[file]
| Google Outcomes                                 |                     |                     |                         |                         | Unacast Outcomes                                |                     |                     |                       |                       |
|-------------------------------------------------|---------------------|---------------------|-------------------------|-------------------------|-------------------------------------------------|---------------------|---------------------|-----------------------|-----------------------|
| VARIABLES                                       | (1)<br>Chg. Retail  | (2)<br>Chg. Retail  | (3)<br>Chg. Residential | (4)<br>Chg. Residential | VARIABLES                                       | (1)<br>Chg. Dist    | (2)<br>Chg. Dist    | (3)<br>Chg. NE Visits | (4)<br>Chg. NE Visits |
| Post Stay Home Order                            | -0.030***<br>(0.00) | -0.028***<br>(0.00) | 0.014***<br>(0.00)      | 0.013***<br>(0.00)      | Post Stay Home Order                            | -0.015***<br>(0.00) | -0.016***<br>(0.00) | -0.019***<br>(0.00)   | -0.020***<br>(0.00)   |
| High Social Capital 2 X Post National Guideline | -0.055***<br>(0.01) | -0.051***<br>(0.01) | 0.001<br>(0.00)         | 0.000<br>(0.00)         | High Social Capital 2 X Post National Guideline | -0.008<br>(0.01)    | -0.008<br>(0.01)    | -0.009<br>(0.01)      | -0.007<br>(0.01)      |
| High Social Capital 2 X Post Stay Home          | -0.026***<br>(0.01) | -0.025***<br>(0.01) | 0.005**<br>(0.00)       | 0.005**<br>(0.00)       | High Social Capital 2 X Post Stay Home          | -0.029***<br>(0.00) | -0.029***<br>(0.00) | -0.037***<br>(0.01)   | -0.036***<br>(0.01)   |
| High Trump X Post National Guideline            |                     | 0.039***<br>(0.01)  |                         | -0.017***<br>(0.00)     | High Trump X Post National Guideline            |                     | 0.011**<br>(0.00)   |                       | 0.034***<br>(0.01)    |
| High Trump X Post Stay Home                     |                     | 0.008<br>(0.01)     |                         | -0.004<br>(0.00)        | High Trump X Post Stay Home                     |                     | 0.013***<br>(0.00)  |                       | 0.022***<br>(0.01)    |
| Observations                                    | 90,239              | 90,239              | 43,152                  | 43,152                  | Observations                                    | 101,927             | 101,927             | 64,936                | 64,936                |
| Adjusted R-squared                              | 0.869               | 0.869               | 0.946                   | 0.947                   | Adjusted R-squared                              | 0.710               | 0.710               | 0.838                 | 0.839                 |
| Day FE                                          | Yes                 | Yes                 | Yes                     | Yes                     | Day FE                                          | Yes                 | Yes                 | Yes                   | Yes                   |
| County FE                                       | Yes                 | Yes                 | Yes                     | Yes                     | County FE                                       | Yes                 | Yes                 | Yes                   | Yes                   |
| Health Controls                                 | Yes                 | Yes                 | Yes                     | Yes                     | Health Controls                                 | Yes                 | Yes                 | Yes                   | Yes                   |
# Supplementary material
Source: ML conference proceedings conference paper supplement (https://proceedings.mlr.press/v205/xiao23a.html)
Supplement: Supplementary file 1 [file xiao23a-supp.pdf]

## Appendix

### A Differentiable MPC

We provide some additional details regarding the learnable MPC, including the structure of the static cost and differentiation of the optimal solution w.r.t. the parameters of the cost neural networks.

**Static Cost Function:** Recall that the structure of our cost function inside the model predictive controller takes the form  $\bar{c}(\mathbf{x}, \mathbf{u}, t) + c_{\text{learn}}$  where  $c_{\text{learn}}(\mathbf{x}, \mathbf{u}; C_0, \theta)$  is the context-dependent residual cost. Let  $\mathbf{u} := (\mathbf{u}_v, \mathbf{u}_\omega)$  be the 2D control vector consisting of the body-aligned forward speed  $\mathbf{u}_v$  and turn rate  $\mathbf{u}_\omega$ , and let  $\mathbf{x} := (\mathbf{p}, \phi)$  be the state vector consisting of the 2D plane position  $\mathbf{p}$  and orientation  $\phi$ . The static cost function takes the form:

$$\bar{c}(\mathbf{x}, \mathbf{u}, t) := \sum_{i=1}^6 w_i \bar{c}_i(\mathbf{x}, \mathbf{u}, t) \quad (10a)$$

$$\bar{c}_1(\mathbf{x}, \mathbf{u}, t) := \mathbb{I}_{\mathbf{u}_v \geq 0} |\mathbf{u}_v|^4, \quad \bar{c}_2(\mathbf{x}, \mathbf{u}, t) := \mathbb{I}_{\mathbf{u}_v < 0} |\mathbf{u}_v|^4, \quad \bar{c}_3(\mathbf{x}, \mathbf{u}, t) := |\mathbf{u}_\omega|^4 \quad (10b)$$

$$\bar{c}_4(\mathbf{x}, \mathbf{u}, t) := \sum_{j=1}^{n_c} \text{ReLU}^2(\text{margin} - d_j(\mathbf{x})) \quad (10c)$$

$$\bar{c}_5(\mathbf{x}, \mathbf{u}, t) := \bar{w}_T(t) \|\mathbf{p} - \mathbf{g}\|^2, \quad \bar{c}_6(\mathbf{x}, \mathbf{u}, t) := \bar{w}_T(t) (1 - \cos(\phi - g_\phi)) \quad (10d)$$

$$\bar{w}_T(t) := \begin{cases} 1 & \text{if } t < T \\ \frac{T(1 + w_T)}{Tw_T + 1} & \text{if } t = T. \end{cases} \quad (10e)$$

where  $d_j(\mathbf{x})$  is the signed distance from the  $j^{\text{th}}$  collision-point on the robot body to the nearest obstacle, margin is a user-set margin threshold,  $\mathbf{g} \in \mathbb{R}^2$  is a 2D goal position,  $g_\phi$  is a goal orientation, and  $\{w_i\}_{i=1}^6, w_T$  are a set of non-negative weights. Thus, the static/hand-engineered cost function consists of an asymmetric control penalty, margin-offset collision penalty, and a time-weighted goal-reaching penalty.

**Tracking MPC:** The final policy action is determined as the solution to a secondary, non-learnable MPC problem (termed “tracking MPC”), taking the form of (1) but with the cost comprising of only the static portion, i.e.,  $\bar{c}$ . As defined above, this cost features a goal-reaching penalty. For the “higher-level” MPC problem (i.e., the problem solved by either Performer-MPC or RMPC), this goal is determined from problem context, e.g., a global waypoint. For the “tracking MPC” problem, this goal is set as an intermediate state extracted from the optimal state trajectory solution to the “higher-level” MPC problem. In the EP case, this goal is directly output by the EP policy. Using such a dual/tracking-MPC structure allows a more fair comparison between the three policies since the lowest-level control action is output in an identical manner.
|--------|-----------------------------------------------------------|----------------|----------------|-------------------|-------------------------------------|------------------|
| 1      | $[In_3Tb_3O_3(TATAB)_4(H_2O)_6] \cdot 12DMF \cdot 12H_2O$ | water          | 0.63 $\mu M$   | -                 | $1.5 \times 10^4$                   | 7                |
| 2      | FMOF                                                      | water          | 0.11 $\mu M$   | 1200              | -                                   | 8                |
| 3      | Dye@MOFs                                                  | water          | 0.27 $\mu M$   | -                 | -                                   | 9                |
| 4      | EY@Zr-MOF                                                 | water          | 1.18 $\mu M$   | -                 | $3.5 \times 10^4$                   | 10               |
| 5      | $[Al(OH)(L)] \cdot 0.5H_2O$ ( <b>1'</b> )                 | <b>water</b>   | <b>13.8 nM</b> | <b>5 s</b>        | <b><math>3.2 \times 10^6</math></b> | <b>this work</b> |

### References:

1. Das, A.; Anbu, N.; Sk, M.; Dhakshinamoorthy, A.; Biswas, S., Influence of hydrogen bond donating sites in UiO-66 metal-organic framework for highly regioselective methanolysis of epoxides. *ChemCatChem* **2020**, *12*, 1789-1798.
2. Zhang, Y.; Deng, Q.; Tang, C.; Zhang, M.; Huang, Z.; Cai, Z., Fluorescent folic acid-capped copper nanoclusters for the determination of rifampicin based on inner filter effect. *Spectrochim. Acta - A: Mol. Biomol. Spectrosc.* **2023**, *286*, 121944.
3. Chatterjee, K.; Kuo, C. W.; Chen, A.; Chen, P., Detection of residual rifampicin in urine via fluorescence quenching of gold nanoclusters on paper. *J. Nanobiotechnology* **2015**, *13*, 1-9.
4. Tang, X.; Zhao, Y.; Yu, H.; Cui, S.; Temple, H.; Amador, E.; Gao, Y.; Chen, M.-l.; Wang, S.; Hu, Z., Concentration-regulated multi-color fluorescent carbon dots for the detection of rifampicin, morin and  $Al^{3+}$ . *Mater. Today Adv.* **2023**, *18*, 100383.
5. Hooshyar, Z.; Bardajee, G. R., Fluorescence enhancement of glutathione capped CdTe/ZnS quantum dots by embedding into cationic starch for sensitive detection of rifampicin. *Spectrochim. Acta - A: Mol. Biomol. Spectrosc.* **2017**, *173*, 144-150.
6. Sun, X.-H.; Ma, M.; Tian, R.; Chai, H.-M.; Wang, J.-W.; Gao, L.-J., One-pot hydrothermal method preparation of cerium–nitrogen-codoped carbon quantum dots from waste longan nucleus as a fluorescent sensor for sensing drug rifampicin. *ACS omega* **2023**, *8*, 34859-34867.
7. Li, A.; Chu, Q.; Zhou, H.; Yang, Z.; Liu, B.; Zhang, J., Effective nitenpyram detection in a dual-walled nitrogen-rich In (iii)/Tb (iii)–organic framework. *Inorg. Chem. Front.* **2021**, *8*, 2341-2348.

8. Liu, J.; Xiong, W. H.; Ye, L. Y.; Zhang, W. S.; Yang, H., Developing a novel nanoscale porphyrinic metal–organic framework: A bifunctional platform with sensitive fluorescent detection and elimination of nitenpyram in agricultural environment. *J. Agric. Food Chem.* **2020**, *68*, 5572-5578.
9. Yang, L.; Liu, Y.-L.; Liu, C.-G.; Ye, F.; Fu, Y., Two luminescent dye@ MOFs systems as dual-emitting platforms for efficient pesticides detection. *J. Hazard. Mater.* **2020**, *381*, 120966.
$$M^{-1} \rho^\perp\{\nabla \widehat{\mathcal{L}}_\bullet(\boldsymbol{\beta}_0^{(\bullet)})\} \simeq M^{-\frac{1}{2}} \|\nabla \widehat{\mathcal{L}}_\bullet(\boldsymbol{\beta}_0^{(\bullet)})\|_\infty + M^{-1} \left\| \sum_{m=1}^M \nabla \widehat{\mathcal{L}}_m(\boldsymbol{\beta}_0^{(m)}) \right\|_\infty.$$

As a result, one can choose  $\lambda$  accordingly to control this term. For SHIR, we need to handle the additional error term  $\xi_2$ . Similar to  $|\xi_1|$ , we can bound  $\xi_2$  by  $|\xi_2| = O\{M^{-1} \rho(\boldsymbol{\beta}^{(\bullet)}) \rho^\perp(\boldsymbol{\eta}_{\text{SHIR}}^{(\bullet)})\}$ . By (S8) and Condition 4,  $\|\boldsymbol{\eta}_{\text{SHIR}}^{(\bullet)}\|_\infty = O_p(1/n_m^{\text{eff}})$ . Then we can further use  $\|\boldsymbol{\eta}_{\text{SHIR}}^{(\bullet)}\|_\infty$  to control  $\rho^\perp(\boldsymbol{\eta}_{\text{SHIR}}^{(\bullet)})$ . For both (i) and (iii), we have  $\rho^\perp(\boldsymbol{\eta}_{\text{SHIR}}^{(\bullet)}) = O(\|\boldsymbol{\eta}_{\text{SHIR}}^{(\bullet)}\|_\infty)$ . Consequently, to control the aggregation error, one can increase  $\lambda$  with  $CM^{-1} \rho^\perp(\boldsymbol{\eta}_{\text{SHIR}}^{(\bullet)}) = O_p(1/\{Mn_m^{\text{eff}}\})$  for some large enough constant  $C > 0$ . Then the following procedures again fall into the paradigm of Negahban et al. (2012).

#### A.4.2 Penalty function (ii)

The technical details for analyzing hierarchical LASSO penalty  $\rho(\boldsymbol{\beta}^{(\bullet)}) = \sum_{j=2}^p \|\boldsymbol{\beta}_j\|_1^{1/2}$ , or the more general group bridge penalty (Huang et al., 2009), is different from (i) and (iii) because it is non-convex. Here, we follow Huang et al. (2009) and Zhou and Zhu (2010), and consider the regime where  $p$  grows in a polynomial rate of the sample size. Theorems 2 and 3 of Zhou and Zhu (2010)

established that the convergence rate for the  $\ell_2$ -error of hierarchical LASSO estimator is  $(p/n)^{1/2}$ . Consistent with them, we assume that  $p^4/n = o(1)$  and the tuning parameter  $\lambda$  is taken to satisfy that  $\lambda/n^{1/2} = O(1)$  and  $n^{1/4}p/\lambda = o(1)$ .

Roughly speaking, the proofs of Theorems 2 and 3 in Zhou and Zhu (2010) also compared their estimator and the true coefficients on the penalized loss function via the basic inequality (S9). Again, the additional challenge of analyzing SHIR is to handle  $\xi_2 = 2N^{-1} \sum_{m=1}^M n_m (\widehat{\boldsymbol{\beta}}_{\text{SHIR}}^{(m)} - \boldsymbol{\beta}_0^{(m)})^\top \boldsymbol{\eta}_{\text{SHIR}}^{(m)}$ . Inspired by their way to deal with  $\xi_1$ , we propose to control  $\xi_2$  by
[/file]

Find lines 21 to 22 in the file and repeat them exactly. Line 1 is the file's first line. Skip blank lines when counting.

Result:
$$\bar{c}(\mathbf{x}, \mathbf{u}, t) := \sum_{i=1}^6 w_i \bar{c}_i(\mathbf{x}, \mathbf{u}, t) \quad (10a)$$

$$\bar{c}_1(\mathbf{x}, \mathbf{u}, t) := \mathbb{I}_{\mathbf{u}_v \geq 0} |\mathbf{u}_v|^4, \quad \bar{c}_2(\mathbf{x}, \mathbf{u}, t) := \mathbb{I}_{\mathbf{u}_v < 0} |\mathbf{u}_v|^4, \quad \bar{c}_3(\mathbf{x}, \mathbf{u}, t) := |\mathbf{u}_\omega|^4 \quad (10b)$$